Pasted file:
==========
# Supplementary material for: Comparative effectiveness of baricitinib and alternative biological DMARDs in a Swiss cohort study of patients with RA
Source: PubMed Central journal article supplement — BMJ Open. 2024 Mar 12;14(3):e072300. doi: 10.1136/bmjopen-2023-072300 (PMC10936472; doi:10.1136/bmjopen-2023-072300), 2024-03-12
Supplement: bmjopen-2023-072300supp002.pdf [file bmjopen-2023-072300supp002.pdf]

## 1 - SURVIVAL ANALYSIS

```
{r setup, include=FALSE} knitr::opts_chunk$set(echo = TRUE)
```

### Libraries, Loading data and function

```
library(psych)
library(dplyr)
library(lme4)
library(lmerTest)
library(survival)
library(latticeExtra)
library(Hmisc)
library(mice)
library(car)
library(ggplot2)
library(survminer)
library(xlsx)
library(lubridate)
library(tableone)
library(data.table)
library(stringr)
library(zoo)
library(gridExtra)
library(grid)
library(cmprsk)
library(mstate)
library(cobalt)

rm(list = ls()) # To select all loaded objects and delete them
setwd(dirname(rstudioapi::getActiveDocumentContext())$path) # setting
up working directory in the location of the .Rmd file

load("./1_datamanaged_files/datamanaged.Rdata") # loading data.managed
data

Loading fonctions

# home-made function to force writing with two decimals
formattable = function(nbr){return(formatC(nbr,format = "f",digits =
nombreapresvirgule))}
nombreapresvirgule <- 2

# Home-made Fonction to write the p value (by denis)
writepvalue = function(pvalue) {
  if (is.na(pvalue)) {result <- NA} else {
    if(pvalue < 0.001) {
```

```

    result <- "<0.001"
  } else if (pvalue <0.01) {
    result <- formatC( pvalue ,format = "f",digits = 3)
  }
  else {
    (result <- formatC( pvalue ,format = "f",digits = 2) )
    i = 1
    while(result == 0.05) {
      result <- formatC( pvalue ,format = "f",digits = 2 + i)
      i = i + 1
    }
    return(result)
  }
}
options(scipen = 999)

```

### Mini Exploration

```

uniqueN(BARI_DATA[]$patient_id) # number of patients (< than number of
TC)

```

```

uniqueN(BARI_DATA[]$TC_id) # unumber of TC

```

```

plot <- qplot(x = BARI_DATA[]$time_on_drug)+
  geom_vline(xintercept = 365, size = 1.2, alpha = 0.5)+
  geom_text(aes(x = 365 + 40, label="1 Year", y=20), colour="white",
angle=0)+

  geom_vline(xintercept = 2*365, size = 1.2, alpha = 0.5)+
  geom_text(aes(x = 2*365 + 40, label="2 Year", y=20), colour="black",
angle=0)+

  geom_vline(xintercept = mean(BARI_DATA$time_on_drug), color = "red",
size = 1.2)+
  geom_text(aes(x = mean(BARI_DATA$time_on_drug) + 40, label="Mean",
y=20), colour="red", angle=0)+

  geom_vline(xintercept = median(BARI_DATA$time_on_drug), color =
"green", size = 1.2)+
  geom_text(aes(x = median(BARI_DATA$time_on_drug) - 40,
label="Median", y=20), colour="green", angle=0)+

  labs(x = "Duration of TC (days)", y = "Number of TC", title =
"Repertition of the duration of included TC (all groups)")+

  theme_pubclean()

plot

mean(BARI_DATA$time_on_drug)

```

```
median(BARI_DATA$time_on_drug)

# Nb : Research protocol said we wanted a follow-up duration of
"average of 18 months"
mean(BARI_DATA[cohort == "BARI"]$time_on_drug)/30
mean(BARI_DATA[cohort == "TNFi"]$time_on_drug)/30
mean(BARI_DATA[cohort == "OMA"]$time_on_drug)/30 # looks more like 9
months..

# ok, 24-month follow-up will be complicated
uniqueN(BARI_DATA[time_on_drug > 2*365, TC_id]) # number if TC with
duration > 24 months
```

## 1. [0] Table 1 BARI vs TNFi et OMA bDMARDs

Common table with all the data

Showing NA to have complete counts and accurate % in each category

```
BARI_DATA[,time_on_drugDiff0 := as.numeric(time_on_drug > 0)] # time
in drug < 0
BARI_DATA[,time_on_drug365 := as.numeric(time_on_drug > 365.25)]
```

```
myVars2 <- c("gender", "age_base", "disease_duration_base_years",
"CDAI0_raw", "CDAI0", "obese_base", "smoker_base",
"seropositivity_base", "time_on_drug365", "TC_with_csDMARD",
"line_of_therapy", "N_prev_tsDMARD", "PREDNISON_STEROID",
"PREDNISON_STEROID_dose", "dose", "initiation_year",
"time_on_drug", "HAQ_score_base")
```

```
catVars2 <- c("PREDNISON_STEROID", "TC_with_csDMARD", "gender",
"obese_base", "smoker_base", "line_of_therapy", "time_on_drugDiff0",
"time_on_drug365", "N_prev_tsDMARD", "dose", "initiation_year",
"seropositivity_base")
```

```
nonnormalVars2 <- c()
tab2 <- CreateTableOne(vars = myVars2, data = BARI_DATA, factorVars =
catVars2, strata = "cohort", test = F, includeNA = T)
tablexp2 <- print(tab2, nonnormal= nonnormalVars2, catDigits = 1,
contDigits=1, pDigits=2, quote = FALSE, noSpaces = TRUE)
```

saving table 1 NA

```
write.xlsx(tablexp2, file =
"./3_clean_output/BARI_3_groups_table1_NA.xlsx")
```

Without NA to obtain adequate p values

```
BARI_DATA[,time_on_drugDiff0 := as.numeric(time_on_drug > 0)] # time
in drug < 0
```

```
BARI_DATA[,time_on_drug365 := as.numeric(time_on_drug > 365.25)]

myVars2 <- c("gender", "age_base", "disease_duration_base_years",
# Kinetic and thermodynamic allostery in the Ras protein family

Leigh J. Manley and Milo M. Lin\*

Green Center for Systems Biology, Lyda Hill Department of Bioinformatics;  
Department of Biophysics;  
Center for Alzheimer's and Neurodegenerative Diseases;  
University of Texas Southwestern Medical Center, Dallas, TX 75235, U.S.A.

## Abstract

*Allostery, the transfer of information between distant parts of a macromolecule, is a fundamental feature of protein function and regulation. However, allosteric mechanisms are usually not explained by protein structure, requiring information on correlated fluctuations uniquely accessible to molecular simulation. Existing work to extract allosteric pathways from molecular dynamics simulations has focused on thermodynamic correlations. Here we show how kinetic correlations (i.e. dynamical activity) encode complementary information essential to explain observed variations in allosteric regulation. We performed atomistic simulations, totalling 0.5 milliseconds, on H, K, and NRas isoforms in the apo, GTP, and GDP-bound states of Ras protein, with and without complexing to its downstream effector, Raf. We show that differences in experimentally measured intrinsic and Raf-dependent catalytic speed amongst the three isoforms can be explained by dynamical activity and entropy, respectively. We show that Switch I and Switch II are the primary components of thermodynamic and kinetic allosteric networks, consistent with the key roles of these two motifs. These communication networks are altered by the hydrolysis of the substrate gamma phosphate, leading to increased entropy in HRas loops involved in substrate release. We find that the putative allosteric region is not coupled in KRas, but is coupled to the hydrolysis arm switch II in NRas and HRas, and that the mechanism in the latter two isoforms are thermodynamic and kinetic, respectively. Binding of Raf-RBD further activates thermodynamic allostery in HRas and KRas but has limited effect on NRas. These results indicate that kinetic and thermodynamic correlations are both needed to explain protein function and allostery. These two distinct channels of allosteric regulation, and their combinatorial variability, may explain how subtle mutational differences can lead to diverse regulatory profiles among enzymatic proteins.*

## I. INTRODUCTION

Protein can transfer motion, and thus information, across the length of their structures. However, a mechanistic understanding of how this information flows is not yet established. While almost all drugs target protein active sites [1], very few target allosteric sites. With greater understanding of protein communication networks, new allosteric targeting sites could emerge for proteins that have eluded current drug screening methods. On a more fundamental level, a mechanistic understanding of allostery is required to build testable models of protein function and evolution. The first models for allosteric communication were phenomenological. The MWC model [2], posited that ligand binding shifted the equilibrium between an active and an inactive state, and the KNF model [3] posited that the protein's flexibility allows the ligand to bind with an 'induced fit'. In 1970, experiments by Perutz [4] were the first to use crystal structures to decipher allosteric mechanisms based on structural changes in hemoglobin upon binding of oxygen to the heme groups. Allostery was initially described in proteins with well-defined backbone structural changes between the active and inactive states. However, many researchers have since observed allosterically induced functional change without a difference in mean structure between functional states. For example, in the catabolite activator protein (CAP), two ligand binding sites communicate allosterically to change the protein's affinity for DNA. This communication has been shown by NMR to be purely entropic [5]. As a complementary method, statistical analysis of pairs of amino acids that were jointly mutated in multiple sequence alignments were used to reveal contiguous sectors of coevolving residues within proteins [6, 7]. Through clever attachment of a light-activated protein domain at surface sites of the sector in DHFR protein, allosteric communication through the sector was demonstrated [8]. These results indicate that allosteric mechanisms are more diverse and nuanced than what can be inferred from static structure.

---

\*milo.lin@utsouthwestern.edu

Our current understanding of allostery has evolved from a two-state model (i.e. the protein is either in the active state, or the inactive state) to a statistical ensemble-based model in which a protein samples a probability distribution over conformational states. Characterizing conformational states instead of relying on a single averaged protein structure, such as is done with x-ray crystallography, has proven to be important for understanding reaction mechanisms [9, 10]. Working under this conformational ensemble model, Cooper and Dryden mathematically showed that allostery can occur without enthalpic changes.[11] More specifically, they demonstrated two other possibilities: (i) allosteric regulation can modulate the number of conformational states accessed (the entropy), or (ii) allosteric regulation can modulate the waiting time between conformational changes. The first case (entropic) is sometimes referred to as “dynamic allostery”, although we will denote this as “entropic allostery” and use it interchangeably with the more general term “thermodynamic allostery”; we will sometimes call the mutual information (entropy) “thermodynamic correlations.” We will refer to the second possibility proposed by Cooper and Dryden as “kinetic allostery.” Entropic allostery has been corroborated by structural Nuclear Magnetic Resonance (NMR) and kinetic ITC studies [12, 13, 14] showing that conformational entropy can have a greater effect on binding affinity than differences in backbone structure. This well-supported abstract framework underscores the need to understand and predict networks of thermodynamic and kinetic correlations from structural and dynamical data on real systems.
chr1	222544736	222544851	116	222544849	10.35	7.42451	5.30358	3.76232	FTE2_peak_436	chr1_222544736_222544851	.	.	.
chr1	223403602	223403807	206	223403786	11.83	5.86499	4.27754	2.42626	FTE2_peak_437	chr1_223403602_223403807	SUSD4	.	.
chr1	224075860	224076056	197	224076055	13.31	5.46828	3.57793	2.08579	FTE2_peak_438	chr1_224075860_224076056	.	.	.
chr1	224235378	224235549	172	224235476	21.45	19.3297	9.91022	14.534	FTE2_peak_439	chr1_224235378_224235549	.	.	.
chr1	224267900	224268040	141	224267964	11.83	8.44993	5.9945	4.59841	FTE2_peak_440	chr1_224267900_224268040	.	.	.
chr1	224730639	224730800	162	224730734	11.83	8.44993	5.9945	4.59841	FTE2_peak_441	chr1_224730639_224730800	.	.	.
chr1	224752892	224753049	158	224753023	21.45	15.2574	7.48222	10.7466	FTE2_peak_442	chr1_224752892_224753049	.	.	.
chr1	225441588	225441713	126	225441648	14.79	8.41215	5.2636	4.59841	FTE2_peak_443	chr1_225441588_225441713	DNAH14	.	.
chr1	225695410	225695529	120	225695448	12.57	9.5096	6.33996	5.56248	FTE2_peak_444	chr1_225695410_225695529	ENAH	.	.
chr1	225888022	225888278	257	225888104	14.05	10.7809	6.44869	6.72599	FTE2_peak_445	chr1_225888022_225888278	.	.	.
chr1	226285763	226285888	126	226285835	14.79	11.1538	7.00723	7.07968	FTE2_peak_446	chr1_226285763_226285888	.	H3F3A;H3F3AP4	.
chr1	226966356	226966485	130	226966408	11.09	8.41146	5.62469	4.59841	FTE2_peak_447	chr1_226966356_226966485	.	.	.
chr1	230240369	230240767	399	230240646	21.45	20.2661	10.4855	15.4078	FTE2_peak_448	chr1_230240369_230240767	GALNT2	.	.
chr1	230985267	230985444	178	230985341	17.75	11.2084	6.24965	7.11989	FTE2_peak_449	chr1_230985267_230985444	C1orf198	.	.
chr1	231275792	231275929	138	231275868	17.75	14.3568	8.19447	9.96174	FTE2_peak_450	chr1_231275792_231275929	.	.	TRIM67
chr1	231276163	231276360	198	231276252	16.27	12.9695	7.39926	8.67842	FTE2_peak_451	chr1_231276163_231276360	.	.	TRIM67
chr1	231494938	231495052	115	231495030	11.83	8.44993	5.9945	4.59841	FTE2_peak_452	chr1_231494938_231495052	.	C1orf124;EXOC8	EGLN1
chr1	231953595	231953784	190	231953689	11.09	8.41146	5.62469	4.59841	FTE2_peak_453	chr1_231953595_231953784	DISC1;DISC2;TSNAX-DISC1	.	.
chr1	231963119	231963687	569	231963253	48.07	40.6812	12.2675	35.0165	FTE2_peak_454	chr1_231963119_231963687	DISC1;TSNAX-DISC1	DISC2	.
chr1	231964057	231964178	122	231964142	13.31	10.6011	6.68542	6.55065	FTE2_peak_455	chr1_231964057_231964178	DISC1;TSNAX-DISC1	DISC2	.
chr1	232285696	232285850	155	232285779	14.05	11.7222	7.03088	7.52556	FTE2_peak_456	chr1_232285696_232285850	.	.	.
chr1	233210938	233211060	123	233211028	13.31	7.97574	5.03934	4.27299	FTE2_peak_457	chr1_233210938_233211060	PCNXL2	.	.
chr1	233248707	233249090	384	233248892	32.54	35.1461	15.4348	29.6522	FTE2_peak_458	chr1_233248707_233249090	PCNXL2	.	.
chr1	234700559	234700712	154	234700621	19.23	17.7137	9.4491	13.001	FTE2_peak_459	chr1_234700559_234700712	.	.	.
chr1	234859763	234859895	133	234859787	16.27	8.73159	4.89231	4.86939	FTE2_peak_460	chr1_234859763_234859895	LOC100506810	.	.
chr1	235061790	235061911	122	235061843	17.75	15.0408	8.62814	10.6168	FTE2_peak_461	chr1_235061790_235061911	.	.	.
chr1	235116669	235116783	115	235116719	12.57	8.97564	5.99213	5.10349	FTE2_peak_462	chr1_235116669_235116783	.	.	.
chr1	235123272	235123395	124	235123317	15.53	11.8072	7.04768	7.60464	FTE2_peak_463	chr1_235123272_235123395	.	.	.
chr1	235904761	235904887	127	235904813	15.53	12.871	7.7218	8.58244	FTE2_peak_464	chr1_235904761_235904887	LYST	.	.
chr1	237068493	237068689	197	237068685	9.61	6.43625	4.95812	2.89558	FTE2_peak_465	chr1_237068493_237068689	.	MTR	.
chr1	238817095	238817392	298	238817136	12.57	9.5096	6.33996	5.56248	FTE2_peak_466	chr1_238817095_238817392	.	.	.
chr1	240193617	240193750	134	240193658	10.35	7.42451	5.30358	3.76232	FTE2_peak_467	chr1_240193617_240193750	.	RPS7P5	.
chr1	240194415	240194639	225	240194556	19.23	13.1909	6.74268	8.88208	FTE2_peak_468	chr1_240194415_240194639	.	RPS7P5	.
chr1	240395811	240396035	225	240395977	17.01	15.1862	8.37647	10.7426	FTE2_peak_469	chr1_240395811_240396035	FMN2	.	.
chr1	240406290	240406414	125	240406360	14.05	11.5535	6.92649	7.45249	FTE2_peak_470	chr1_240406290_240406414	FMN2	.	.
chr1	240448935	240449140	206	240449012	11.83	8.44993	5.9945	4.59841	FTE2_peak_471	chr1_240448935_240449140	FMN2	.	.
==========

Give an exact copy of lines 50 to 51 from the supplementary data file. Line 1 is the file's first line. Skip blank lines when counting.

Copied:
    result <- formatC( pvalue ,format = "f",digits = 3)
  }